Strength Training vs. Aerobic Activity…Let the Battle Begin

Balancing aerobic and strength exercise in your fitness routine.

When it comes to deciding how to spend our precious workout time it is important to choose something we love to do.  I love swimming.  I would rather swim than just about any other type of physical activity.

When I was in my twenties, swimming was about all I did on a regular basis to maintain my fitness.  I was surprised as I got older to find that despite swimming several times a week, I wasn’t maintaining the body shape and strength that I wanted.  I was also experiencing injuries on a more regular basis.  That is when I learned the value of balancing aerobic and strength training in my fitness routine.

Whether you love swimming, running, dancing, or are more the type to spend hours lifting weights, it is important to try and balance your strength training and aerobic exercise to maintain your overall best fitness.  Finding a healthy balance between aerobic and strength training exercise is an important part of maintaining your overall fitness.

Here are some guidelines published by NHS Choices for deciding how much strength vs. how much aerobic exercise to work into your workout.

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Guidelines for adults aged 19-64

To stay healthy, adults aged 19-64 should try to be active daily and should do:

  • at least 150 minutes of moderate aerobic activity such as cycling or fast walking every week, and
  • strength exercises on two or more days a week that work all the major muscles (legs, hips, back, abdomen, chest, shoulders and arms).
  • 75 minutes of vigorous aerobic activity, such as running or a game of singles tennis every week, and
  • strength exercises on two or more days a week that work all the major muscles (legs, hips, back, abdomen, chest, shoulders and arms).
  • A mix of moderate and vigorous aerobic activity every week. For example, two 30-minute runs plus 30 minutes of fast walking equates to 150 minutes of moderate aerobic activity, and
  • strength exercises on two or more days a week that work all the major muscles (legs, hips, back, abdomen, chest, shoulders and arms).

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You can do activities that strengthen your muscles on the same day or on different days as your aerobic activity – whatever’s best for you. However, for best results, alternating days allows you to pore more energy into each workout, yielding better results, high intensity interval training style.

EDITORS NOTE: We’re sharing this great information from NHS.uk, however, their next statement contains some misinformation:
“Muscle-strengthening exercises are not an aerobic activity, so you’ll need to do them in addition to your 150 minutes of aerobic activity.”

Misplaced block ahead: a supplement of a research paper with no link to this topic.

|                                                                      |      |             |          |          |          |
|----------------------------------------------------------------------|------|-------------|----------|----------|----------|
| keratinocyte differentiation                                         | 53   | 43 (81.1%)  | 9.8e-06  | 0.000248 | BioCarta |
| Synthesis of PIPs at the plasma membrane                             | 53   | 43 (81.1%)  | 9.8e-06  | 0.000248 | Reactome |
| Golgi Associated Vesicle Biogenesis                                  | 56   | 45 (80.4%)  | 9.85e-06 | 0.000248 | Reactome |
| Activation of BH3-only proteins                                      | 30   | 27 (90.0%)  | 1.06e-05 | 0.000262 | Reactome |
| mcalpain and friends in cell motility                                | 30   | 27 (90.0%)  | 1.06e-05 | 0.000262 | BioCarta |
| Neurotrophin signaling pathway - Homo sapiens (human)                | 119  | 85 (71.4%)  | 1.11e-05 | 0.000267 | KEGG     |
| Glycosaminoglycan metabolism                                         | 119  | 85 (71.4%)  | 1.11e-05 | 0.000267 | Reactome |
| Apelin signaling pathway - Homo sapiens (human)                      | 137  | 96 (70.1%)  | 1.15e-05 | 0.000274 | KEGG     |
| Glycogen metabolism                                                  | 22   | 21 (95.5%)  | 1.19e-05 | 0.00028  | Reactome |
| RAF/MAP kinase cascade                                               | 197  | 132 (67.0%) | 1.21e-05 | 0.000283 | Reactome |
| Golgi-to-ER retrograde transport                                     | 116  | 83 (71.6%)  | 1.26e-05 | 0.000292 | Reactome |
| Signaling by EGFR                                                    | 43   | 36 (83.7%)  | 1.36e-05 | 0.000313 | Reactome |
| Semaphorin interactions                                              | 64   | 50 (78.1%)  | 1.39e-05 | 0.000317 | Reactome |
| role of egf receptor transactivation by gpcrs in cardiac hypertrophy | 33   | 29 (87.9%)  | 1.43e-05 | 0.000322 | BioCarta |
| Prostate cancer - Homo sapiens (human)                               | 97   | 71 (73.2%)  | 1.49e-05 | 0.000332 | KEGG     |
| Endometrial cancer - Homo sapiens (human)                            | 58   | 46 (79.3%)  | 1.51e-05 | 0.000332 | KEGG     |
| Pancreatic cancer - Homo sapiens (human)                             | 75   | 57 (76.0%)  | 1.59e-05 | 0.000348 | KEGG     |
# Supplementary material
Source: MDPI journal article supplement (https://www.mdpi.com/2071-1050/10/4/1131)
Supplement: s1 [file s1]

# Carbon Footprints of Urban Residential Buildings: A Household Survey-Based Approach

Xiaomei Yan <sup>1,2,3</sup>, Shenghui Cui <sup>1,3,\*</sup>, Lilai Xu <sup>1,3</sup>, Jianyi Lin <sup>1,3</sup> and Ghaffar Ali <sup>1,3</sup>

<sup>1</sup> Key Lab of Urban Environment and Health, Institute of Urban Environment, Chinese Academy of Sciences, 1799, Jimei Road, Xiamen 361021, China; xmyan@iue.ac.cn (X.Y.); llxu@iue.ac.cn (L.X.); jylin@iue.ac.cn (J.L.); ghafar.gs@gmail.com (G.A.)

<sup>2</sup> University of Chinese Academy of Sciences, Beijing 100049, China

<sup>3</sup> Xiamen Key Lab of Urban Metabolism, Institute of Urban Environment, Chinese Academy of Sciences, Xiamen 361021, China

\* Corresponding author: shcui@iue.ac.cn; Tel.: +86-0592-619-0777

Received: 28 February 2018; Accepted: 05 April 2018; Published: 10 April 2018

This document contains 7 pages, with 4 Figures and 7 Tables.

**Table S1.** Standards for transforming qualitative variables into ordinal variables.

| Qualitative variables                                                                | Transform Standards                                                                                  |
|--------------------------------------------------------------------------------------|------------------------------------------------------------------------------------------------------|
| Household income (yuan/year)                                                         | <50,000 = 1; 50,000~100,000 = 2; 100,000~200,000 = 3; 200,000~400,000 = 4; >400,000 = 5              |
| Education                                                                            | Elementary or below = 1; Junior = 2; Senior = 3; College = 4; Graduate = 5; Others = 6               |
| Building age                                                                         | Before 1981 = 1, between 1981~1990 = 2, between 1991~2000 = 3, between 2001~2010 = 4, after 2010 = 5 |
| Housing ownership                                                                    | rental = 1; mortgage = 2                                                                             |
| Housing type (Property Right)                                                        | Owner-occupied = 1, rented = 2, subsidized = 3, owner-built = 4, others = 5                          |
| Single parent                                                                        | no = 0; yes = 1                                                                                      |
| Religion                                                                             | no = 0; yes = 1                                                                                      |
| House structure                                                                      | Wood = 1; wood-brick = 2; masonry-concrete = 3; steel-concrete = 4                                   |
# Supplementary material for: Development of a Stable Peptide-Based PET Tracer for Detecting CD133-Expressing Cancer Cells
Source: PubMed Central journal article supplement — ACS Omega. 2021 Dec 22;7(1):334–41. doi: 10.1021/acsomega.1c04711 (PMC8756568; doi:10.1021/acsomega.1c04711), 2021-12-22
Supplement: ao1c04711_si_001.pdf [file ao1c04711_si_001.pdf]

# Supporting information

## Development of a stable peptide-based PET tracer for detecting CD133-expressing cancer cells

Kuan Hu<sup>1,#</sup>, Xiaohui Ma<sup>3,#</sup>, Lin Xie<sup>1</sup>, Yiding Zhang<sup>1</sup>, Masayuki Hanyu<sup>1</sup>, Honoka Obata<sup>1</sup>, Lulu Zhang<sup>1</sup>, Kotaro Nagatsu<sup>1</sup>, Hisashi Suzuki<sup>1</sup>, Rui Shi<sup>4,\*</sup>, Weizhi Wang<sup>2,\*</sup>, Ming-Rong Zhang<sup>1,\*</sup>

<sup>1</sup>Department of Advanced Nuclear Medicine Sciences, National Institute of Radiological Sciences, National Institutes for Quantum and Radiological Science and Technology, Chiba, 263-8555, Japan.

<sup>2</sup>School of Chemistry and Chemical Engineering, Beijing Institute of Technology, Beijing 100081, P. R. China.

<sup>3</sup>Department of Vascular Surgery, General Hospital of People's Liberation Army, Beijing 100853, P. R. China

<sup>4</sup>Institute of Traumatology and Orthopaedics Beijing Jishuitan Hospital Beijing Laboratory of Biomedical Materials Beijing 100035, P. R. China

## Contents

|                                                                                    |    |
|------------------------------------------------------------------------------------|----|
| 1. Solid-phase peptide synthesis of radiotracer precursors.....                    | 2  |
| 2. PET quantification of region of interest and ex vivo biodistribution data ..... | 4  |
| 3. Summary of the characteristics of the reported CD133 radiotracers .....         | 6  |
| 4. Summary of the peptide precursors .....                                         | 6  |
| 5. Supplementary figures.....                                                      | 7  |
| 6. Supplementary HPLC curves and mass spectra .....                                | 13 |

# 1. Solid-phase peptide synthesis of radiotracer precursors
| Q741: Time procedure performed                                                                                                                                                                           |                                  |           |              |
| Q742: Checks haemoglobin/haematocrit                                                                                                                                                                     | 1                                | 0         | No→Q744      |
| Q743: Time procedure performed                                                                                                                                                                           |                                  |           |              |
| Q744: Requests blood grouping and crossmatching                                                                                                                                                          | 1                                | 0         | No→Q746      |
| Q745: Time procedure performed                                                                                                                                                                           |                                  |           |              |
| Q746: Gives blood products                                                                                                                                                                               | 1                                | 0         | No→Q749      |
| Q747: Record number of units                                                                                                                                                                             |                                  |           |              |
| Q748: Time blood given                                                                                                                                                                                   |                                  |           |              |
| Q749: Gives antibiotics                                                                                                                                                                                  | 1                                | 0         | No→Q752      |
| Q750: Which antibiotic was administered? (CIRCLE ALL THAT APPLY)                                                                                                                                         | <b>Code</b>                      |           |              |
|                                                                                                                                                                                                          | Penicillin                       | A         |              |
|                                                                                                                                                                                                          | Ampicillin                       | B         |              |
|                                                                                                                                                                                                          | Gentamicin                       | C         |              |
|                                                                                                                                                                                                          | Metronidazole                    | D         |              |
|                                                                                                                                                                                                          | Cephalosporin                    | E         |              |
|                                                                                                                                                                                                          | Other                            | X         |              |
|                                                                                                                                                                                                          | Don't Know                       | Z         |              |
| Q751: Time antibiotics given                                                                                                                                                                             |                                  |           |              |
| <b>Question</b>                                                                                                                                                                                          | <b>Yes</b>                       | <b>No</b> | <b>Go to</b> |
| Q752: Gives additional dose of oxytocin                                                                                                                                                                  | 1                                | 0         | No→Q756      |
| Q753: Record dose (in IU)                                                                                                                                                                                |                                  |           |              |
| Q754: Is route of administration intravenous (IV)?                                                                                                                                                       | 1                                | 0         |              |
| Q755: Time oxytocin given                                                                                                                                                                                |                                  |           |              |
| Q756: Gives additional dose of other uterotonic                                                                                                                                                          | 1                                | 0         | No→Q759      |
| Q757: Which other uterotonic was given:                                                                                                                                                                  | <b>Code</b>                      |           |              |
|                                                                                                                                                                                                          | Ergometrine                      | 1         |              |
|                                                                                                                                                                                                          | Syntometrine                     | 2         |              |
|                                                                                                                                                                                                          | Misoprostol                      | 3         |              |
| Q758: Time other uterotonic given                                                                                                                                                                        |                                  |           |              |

Anyone who engages in strength and resistance training, knows this is absolutely not true. Try going through 10-15 repetitions times 3 sets of squats with light, medium to heavy dumbbells and see how quickly your heart rate increases to aerobic capacity. Something to try:

AEROBIC SQUAT CHALLENGE — Do just one set (1 x through each of these):

20 squats – no weights (now you will already be warmed up)
20 squats – light weights (shake your legs out walk around for 30 seconds)
15 squats – medium weights (shake your legs out and walk around for a minute)
10 squats – heavy weights (you heart rate will be at an aerobic level, in fact, you will likely have had to stop to rest a time or two).

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Guidance on Weights: The “light”, “medium” and “heavy” is whatever weight you’re able to do that number of repetitions without rest, or with a rest or two before completing the reps or set.
Back to Amy Hammond: I found that adding a regular strength routine has worked wonders in helping me maintain my preferred weight, prevent injuries, and even become a stronger swimmer.  It can sometimes be a battle for me to choose strength training over a nice long swim, but I have learned that letting strength training win a couple times a week has made me a more well-balanced person.  If you are like me and not overly familiar with or comfortable at the gym, check out My Gym Trainer 1  from www.mytrainerfitness.com to help get you started.

 

RESOURCES

NHS Choices

 

Article by Amy Hammond

Amy-100I am a writer, collegiate instructor, photographer, wife and mother.  I know how busy life can be but I try to balance my time between work and play (with and without my kiddos).  I am an avid swimmer and a believer in staying fit to have fun.  When we are our own best self, then all aspects of our lives are more enjoyable.